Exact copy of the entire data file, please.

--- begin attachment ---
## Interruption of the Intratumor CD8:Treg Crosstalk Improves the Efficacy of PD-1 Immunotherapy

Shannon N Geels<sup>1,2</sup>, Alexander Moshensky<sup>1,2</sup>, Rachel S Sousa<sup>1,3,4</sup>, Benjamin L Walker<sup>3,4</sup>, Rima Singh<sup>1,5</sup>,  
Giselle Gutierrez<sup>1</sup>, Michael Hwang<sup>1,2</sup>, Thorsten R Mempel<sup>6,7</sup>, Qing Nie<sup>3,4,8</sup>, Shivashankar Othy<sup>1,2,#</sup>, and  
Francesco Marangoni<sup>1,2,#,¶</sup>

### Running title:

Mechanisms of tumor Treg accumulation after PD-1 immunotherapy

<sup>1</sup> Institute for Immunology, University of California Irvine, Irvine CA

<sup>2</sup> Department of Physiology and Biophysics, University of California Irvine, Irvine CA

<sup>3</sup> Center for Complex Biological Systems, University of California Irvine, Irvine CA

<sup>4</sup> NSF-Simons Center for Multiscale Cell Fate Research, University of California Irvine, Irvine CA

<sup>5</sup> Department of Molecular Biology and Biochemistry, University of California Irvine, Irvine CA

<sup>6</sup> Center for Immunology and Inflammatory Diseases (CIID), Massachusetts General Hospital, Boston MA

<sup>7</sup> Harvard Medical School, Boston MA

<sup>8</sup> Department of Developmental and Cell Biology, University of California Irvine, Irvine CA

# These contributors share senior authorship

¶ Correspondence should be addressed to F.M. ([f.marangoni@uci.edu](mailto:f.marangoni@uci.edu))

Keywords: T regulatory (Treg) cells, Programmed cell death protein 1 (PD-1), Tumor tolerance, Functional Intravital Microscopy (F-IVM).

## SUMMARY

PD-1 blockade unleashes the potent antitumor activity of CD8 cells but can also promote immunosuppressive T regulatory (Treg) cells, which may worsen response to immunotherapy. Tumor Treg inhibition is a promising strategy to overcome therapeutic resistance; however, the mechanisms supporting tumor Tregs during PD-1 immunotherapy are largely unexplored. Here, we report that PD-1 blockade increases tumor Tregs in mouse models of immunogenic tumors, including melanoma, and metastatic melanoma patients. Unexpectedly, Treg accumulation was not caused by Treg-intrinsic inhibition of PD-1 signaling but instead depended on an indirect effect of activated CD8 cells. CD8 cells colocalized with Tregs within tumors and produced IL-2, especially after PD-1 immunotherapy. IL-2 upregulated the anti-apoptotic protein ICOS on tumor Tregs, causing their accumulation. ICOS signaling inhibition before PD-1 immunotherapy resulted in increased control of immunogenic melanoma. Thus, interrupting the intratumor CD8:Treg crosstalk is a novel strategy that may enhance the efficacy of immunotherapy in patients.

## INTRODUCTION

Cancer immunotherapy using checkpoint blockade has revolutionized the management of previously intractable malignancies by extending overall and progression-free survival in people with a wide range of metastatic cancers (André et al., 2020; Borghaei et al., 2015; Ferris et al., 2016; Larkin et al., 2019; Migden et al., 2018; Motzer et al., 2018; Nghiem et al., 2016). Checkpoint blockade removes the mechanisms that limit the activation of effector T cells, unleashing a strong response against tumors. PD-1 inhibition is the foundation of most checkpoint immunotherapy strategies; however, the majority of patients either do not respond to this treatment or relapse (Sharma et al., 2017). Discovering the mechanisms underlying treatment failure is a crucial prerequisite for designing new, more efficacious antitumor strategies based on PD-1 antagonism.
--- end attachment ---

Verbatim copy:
## Interruption of the Intratumor CD8:Treg Crosstalk Improves the Efficacy of PD-1 Immunotherapy

Shannon N Geels<sup>1,2</sup>, Alexander Moshensky<sup>1,2</sup>, Rachel S Sousa<sup>1,3,4</sup>, Benjamin L Walker<sup>3,4</sup>, Rima Singh<sup>1,5</sup>,  
Giselle Gutierrez<sup>1</sup>, Michael Hwang<sup>1,2</sup>, Thorsten R Mempel<sup>6,7</sup>, Qing Nie<sup>3,4,8</sup>, Shivashankar Othy<sup>1,2,#</sup>, and  
Francesco Marangoni<sup>1,2,#,¶</sup>

### Running title:

Mechanisms of tumor Treg accumulation after PD-1 immunotherapy

<sup>1</sup> Institute for Immunology, University of California Irvine, Irvine CA

<sup>2</sup> Department of Physiology and Biophysics, University of California Irvine, Irvine CA

<sup>3</sup> Center for Complex Biological Systems, University of California Irvine, Irvine CA

<sup>4</sup> NSF-Simons Center for Multiscale Cell Fate Research, University of California Irvine, Irvine CA

<sup>5</sup> Department of Molecular Biology and Biochemistry, University of California Irvine, Irvine CA

<sup>6</sup> Center for Immunology and Inflammatory Diseases (CIID), Massachusetts General Hospital, Boston MA

<sup>7</sup> Harvard Medical School, Boston MA

<sup>8</sup> Department of Developmental and Cell Biology, University of California Irvine, Irvine CA

# These contributors share senior authorship

¶ Correspondence should be addressed to F.M. ([f.marangoni@uci.edu](mailto:f.marangoni@uci.edu))

Keywords: T regulatory (Treg) cells, Programmed cell death protein 1 (PD-1), Tumor tolerance, Functional Intravital Microscopy (F-IVM).

## SUMMARY

PD-1 blockade unleashes the potent antitumor activity of CD8 cells but can also promote immunosuppressive T regulatory (Treg) cells, which may worsen response to immunotherapy. Tumor Treg inhibition is a promising strategy to overcome therapeutic resistance; however, the mechanisms supporting tumor Tregs during PD-1 immunotherapy are largely unexplored. Here, we report that PD-1 blockade increases tumor Tregs in mouse models of immunogenic tumors, including melanoma, and metastatic melanoma patients. Unexpectedly, Treg accumulation was not caused by Treg-intrinsic inhibition of PD-1 signaling but instead depended on an indirect effect of activated CD8 cells. CD8 cells colocalized with Tregs within tumors and produced IL-2, especially after PD-1 immunotherapy. IL-2 upregulated the anti-apoptotic protein ICOS on tumor Tregs, causing their accumulation. ICOS signaling inhibition before PD-1 immunotherapy resulted in increased control of immunogenic melanoma. Thus, interrupting the intratumor CD8:Treg crosstalk is a novel strategy that may enhance the efficacy of immunotherapy in patients.

## INTRODUCTION

Cancer immunotherapy using checkpoint blockade has revolutionized the management of previously intractable malignancies by extending overall and progression-free survival in people with a wide range of metastatic cancers (André et al., 2020; Borghaei et al., 2015; Ferris et al., 2016; Larkin et al., 2019; Migden et al., 2018; Motzer et al., 2018; Nghiem et al., 2016). Checkpoint blockade removes the mechanisms that limit the activation of effector T cells, unleashing a strong response against tumors. PD-1 inhibition is the foundation of most checkpoint immunotherapy strategies; however, the majority of patients either do not respond to this treatment or relapse (Sharma et al., 2017). Discovering the mechanisms underlying treatment failure is a crucial prerequisite for designing new, more efficacious antitumor strategies based on PD-1 antagonism.